|Bid||0.00 x 0|
|Ask||0.00 x 0|
|Day's range||19.52 - 19.86|
|52-week range||18.78 - 27.06|
|Beta (5Y monthly)||N/A|
|PE ratio (TTM)||5.78|
|Earnings date||26 Feb 2020|
|Forward dividend & yield||N/A (N/A)|
|1y target est||24.75|
Reach him on Messenger to share your thoughts on market moves: email@example.com CLOSING SNAPSHOT: IT'S NOT FOMO (1641 GMT) That's right, it's not Fear Of Missing Out, it's actually a Habit Of Missing Out for the STOXX 600, which ends the session up 0.19%, just one point from its record of 421.43 hit on January 9. YTD, the U.S. index is comfortably ahead of its European cousin with a rise of 2.3% versus 1.1% for the STOXX 600. The Dow Jones decided to keep celebrating the signing of the US-China ‘phase one’ trade deal, with momentum firmly on the index’s side.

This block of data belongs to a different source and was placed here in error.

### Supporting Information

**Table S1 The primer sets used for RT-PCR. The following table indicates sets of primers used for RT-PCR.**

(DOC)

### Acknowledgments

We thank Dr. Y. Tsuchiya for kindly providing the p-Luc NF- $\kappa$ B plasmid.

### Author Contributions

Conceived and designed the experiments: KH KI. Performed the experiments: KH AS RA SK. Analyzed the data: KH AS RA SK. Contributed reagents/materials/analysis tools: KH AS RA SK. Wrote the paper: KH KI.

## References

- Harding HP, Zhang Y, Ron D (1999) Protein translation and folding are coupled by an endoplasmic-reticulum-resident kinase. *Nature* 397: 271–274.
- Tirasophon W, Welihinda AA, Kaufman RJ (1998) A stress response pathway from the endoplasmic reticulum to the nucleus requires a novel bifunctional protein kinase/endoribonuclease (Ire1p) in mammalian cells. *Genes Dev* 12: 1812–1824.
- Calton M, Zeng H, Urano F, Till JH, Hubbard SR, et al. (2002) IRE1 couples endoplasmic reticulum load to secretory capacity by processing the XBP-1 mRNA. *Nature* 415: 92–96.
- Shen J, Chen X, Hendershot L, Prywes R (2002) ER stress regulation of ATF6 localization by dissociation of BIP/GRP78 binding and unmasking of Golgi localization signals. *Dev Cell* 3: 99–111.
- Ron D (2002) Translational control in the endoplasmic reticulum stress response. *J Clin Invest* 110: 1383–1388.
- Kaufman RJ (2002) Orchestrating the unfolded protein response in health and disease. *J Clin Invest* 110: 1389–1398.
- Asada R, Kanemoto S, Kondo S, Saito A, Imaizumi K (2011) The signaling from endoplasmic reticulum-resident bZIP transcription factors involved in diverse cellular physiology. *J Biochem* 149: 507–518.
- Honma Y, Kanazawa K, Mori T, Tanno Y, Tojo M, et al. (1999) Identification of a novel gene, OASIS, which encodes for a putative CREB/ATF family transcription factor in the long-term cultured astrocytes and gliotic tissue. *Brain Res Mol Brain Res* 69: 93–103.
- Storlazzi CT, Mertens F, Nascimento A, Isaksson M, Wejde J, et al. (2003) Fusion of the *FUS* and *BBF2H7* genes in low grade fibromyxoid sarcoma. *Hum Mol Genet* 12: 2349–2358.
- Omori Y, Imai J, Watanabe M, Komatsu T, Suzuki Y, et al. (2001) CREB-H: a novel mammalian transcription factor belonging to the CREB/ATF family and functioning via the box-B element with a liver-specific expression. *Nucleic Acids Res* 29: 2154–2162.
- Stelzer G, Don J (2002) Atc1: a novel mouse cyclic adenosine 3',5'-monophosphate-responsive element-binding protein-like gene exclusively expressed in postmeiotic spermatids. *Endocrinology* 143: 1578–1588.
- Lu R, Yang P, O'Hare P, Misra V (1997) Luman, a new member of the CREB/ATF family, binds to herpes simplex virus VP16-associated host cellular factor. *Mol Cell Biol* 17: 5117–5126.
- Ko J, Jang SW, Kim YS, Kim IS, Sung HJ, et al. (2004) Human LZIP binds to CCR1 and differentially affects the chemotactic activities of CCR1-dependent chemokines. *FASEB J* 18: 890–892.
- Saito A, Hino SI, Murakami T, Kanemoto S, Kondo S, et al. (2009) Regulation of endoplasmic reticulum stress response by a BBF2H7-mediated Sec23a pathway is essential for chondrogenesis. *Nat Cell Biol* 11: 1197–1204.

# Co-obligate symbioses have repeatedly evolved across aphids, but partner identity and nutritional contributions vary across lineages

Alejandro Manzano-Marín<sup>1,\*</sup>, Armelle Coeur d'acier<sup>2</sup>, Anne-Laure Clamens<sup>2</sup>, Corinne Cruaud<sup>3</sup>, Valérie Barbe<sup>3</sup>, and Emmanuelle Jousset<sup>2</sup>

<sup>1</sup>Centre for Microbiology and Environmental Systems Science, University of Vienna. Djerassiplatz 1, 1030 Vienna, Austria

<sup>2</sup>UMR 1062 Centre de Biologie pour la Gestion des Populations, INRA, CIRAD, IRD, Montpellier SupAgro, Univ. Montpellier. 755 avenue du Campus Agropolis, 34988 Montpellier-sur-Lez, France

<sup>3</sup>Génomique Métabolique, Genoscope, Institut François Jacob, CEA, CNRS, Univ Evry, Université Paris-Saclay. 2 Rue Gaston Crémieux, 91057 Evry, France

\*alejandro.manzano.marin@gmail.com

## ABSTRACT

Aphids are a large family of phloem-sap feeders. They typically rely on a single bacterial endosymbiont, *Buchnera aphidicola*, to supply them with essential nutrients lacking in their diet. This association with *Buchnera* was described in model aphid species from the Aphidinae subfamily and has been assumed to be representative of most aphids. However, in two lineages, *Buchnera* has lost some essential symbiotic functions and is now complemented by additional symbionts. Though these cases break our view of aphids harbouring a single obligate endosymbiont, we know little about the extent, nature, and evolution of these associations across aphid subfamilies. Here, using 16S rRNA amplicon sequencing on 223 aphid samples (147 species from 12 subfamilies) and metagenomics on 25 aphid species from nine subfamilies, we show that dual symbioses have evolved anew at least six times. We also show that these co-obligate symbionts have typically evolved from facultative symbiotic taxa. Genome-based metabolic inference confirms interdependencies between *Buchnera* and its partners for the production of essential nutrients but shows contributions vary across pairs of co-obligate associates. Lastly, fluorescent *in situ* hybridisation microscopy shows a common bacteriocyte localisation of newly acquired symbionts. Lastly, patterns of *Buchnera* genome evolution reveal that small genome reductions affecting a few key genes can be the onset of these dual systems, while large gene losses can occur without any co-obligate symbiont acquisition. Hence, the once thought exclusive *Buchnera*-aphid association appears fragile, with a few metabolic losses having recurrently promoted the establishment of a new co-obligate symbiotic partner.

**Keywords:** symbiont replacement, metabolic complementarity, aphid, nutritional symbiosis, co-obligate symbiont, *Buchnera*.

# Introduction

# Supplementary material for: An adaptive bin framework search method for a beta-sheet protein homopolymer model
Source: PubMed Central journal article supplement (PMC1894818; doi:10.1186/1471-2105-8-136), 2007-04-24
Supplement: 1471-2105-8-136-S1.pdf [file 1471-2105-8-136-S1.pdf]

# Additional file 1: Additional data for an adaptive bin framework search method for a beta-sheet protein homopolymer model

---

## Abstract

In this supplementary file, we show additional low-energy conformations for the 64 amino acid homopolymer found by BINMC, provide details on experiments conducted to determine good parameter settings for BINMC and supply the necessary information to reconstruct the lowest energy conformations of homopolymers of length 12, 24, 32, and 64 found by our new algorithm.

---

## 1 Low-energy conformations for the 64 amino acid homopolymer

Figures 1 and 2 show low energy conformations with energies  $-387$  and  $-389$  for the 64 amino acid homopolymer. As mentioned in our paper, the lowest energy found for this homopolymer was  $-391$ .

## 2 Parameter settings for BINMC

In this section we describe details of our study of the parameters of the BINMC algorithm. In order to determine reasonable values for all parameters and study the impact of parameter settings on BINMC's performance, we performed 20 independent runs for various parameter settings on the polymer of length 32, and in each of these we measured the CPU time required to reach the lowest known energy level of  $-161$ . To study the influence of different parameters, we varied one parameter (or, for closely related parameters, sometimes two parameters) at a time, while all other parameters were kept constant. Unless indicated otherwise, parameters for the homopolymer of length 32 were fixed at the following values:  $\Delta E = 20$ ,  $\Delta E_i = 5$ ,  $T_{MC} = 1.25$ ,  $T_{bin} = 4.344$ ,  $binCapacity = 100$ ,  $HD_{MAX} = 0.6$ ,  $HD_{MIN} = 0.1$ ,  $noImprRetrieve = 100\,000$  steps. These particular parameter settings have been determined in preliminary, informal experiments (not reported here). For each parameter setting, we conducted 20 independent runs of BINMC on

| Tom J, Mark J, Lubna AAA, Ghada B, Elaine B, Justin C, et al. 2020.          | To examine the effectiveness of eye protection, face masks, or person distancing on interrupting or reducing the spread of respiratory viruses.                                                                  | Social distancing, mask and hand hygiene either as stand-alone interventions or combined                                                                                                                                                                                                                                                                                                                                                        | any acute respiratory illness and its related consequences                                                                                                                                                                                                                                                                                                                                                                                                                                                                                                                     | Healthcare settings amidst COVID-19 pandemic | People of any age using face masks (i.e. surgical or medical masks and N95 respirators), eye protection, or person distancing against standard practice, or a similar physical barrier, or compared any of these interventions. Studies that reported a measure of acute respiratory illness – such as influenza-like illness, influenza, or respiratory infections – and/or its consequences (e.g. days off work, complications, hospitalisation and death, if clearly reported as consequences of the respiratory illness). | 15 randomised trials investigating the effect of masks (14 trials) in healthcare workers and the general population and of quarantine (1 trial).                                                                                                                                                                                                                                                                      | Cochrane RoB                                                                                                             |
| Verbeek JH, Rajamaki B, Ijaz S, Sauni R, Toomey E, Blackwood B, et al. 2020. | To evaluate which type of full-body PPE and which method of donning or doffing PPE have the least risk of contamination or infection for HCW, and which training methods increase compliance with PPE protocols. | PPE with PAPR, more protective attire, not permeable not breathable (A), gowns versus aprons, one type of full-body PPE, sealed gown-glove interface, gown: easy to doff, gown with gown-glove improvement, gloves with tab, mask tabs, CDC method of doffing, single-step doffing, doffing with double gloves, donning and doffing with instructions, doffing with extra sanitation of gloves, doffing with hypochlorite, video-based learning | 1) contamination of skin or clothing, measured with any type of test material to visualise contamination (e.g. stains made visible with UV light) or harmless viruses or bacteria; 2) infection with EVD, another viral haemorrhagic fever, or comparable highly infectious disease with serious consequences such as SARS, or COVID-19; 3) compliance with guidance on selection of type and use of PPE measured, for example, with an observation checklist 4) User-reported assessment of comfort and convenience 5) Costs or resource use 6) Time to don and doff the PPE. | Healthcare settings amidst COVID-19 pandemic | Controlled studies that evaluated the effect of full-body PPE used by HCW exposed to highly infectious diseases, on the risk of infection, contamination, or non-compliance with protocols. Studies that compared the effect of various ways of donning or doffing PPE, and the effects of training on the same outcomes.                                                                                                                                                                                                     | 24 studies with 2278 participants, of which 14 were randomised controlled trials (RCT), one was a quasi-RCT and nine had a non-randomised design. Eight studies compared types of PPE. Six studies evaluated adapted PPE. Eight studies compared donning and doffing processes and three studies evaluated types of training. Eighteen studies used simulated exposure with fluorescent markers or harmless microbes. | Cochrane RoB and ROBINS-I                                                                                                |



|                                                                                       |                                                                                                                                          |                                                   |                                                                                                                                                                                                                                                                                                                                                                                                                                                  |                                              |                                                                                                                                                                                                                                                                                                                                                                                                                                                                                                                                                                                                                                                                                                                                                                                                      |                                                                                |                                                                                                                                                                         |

* European shares little changed * Wall Street posts new records * Results drive top movers: Pearson tanks, Hellofresh rallies * Welcome to the home for real-time coverage of European equity markets brought to you by Reuters stocks reporters and anchored today by Danilo Masoni. Reach him on Messenger to share your thoughts on market moves: firstname.lastname@example.org STOXX 600 MISSING OUT AGAIN (1604 GMT) There's a party and the STOXX 600 isn't invited. While Wall Street is celebrating the trade deal, Morgan Stanley's fresh earnings and positive retail data with new record highs, the STOXX 600 is missing out again.